Realising he is running out of time, he leaves his house and all its lost treasures to his assistant Laura, the one person he can trust to fulfil his legacy and reunite the thousands of objects with their rightful owners.

But the final wishes of the 'Keeper of Lost Things' have unforeseen repercussions which trigger a most serendipitous series of encounters...



“Heartwarming and engaging from the start.a mysterious, ghostly, magical love story with some really wonderful characters and a brilliant premise” - The Bookbag

We wish to thank Ruth for taking part in our Conversation and wish her a huge success with her first novel and all the best in her future writing career.

Tell us of your journey as a writer

If you’d asked me when I was about six what I wanted to be, I would have said a vet. I had no talent for or interest in the sciences that were required, and no understanding of the years of study it would take. I just loved animals and wanted to make them better. As I grew older and wiser and developed an intense dislike for my chemistry teacher, I moved on to plan b. I’d always loved books, and my parents taught me to read before I started school. From my love of reading, came a love of writing and I decided that I would do something with English. I would be creative and mysterious, henna my hair, and wear strange and exotic outfits. And I did. For the whole three years that I was at Goldsmiths College studying English and Drama. Then I came home, married and got a ‘proper’ job. My career in local government took off and I was rapidly promoted. But then, in my early thirties, I had a car accident that left me with chronic back problems and unable to work full-time. But eventually I came to realise that the accident had given me the opportunity to resurrect the dream I’d had at university of ‘doing something with English’. I got a part-time job to pay the bills and I began to write. 

How do you see your role as a writer and what do you like most about it?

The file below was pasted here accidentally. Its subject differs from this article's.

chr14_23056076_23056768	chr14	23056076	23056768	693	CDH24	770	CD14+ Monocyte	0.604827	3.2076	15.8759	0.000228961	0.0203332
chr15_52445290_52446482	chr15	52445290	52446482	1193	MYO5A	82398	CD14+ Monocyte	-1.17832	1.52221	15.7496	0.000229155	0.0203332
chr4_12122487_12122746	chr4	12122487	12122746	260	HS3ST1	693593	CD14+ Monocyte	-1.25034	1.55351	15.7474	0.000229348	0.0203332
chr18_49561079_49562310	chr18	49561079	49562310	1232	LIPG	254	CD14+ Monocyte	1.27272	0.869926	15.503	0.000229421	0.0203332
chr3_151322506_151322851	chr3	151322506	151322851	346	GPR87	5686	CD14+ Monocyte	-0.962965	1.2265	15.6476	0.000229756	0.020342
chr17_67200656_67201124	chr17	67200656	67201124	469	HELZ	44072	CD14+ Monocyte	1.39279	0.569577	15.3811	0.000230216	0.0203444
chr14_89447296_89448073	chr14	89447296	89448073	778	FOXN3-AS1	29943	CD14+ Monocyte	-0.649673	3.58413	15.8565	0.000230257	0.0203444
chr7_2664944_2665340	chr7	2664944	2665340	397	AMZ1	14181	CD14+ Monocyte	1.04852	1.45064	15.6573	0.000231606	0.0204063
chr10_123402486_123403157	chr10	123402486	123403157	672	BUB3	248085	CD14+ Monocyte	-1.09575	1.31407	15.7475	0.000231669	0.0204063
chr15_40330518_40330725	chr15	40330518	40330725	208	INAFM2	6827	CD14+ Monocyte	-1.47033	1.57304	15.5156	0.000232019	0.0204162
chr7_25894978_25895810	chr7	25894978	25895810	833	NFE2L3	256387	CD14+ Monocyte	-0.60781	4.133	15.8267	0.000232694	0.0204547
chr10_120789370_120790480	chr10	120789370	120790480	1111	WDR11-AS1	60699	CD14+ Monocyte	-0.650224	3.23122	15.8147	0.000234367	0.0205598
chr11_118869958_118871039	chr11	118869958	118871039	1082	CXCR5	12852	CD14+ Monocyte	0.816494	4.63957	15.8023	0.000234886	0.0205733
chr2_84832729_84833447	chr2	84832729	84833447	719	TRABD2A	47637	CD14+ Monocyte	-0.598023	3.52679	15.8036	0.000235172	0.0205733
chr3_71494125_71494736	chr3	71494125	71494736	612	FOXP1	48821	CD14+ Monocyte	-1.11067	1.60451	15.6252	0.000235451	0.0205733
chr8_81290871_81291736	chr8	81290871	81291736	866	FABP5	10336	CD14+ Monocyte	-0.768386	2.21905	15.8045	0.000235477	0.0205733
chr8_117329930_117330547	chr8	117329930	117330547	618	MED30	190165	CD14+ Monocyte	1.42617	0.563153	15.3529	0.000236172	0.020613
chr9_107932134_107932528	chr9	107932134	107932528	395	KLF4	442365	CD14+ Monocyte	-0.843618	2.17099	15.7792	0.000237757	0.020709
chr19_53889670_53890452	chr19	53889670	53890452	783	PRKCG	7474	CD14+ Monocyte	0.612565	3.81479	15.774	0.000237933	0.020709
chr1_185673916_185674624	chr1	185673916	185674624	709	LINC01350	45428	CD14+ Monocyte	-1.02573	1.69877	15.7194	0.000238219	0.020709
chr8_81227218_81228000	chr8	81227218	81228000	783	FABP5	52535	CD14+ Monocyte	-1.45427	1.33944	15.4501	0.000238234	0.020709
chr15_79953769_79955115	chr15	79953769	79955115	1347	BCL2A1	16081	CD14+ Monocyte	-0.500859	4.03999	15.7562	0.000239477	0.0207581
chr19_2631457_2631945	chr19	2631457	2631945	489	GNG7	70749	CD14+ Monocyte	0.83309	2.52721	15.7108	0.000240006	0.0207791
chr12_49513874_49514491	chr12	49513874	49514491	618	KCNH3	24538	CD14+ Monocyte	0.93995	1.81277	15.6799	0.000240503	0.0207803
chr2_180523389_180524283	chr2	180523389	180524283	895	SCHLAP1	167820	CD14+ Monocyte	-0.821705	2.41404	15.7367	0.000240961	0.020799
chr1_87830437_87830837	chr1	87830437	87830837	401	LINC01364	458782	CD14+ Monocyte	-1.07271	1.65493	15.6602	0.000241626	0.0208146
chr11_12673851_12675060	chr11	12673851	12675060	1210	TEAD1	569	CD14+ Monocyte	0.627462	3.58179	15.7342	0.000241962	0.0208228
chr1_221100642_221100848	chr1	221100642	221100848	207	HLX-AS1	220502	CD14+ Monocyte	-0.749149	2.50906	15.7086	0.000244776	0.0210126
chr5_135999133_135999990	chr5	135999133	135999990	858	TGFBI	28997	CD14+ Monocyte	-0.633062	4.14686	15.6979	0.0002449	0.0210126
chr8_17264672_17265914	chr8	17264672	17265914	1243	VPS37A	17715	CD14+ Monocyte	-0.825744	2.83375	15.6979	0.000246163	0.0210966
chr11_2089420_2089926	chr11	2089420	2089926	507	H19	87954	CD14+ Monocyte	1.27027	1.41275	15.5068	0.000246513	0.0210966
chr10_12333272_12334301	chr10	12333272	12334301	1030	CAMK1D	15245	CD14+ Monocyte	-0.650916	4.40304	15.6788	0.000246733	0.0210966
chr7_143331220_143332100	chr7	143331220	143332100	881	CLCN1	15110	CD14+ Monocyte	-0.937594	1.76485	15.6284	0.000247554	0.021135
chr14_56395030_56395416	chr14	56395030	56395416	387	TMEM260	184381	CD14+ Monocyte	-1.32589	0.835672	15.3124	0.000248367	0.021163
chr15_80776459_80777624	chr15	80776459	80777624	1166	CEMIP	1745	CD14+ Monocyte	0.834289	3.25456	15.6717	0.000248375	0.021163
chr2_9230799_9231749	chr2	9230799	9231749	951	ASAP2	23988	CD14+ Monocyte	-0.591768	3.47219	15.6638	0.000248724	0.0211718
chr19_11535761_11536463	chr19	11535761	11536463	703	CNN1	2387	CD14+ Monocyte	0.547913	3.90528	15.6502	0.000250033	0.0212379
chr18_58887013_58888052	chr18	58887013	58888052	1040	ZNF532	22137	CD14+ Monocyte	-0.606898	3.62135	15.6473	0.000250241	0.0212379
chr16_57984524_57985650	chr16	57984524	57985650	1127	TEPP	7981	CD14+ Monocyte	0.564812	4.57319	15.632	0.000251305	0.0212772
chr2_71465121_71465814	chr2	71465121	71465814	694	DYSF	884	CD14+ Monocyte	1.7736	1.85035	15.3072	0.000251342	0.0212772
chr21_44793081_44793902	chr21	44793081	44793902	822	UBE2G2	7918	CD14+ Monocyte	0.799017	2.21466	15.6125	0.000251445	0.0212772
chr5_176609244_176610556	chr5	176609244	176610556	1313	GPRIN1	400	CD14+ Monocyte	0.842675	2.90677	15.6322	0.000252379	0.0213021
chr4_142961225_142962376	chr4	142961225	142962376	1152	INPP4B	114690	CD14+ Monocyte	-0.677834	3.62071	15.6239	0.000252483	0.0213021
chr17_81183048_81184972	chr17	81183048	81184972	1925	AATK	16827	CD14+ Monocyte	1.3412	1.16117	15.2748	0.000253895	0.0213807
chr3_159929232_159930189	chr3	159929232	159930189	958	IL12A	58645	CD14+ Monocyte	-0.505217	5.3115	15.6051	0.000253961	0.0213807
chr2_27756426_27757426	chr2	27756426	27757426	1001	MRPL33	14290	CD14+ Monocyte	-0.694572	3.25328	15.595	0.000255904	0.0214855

As a writer, I see my role as a story-teller. But I don’t just want to tell the stories, I want to draw the reader completely into the world where my characters live. One of the things I love most about it is finding fresh and original ways of saying things. English is such a rich language, but it is easy to become lazy and use the same tired descriptions and clich├ęs. I can while away hours poring over words in a dictionary!

Have you ever created a character who you dislike but find yourself empathising with?


Portia in Keeper is a detestable little madam, but when I was writing about her reaction to her father’s Alzheimer’s, I did empathise with her fear and the way that she tries to cover it with anger.

What has been your experience of writing about diverse characters?

I enjoy writing about people who are different or flawed in some way. I genuinely find it more interesting and challenging than writing about so-called ‘normal’ people. But it isn’t always easy. My portrayal of Sunshine (a character who happens to have Down’s Syndrome) in Keeper has been soundly criticised by a small minority of readers, who felt that her portrayal was ‘insensitive’ and ‘patronising’. Of course, everyone is entitled to their own opinion, but I developed Sunshine’s character on the back of considerable research and personal experience and so I’m very happy to stand by what I wrote.

Who is your favourite literary character from childhood and why?

I couldn’t possibly choose just one! I loved the Moomintrolls and the magical world they inhabited, Winnie the Pooh because he’s adorable in a morose kind of way, and I wanted to be Lucy in The Lion, The Witch and the Wardrobe. I was also an avid fan of Enid Blyton’s Famous Five stories, but could never decide whether I wanted to be Anne (she could be a bit wet) or George (I didn’t like her short hair).